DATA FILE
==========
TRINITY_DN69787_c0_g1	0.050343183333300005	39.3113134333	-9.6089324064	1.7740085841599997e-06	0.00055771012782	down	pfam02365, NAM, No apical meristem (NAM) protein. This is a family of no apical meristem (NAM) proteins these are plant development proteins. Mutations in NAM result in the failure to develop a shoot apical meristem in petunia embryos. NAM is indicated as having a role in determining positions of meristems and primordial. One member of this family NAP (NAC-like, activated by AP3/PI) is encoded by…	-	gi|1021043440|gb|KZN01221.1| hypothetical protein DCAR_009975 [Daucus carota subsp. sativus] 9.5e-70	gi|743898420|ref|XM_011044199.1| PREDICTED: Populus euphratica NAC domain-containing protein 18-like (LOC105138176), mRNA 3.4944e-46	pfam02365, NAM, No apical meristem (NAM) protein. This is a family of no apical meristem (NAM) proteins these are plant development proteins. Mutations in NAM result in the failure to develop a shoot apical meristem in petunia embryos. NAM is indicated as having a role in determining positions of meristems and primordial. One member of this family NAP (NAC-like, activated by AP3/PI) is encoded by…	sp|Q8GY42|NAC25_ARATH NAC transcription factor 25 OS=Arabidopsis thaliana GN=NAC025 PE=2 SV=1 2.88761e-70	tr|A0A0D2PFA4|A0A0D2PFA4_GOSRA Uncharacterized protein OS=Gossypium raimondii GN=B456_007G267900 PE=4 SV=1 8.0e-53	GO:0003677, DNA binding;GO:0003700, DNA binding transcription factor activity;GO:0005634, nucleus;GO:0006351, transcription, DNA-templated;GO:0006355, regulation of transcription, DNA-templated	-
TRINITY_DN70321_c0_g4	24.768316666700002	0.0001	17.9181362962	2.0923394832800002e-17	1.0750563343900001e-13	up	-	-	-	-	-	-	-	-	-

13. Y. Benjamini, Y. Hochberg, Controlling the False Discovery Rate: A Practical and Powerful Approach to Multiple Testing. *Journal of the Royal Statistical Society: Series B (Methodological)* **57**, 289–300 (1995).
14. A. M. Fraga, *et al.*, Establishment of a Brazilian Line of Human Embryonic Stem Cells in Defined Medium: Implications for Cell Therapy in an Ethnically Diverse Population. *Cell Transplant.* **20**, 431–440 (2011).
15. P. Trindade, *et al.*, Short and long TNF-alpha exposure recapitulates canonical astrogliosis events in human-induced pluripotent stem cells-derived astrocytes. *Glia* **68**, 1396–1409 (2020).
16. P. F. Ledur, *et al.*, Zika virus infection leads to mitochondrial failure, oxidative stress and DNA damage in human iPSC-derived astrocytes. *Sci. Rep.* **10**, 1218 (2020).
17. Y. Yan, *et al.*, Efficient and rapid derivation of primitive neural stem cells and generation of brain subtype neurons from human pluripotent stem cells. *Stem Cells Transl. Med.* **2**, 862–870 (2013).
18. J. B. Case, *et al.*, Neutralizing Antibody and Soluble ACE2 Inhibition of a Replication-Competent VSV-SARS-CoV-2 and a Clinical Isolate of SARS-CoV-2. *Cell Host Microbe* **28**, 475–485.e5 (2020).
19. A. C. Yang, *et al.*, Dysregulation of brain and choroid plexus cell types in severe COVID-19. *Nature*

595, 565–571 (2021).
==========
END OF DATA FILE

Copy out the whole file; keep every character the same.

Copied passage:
TRINITY_DN69787_c0_g1	0.050343183333300005	39.3113134333	-9.6089324064	1.7740085841599997e-06	0.00055771012782	down	pfam02365, NAM, No apical meristem (NAM) protein. This is a family of no apical meristem (NAM) proteins these are plant development proteins. Mutations in NAM result in the failure to develop a shoot apical meristem in petunia embryos. NAM is indicated as having a role in determining positions of meristems and primordial. One member of this family NAP (NAC-like, activated by AP3/PI) is encoded by…	-	gi|1021043440|gb|KZN01221.1| hypothetical protein DCAR_009975 [Daucus carota subsp. sativus] 9.5e-70	gi|743898420|ref|XM_011044199.1| PREDICTED: Populus euphratica NAC domain-containing protein 18-like (LOC105138176), mRNA 3.4944e-46	pfam02365, NAM, No apical meristem (NAM) protein. This is a family of no apical meristem (NAM) proteins these are plant development proteins. Mutations in NAM result in the failure to develop a shoot apical meristem in petunia embryos. NAM is indicated as having a role in determining positions of meristems and primordial. One member of this family NAP (NAC-like, activated by AP3/PI) is encoded by…	sp|Q8GY42|NAC25_ARATH NAC transcription factor 25 OS=Arabidopsis thaliana GN=NAC025 PE=2 SV=1 2.88761e-70	tr|A0A0D2PFA4|A0A0D2PFA4_GOSRA Uncharacterized protein OS=Gossypium raimondii GN=B456_007G267900 PE=4 SV=1 8.0e-53	GO:0003677, DNA binding;GO:0003700, DNA binding transcription factor activity;GO:0005634, nucleus;GO:0006351, transcription, DNA-templated;GO:0006355, regulation of transcription, DNA-templated	-
TRINITY_DN70321_c0_g4	24.768316666700002	0.0001	17.9181362962	2.0923394832800002e-17	1.0750563343900001e-13	up	-	-	-	-	-	-	-	-	-

13. Y. Benjamini, Y. Hochberg, Controlling the False Discovery Rate: A Practical and Powerful Approach to Multiple Testing. *Journal of the Royal Statistical Society: Series B (Methodological)* **57**, 289–300 (1995).
14. A. M. Fraga, *et al.*, Establishment of a Brazilian Line of Human Embryonic Stem Cells in Defined Medium: Implications for Cell Therapy in an Ethnically Diverse Population. *Cell Transplant.* **20**, 431–440 (2011).
15. P. Trindade, *et al.*, Short and long TNF-alpha exposure recapitulates canonical astrogliosis events in human-induced pluripotent stem cells-derived astrocytes. *Glia* **68**, 1396–1409 (2020).
16. P. F. Ledur, *et al.*, Zika virus infection leads to mitochondrial failure, oxidative stress and DNA damage in human iPSC-derived astrocytes. *Sci. Rep.* **10**, 1218 (2020).
17. Y. Yan, *et al.*, Efficient and rapid derivation of primitive neural stem cells and generation of brain subtype neurons from human pluripotent stem cells. *Stem Cells Transl. Med.* **2**, 862–870 (2013).
18. J. B. Case, *et al.*, Neutralizing Antibody and Soluble ACE2 Inhibition of a Replication-Competent VSV-SARS-CoV-2 and a Clinical Isolate of SARS-CoV-2. *Cell Host Microbe* **28**, 475–485.e5 (2020).
19. A. C. Yang, *et al.*, Dysregulation of brain and choroid plexus cell types in severe COVID-19. *Nature*

595, 565–571 (2021).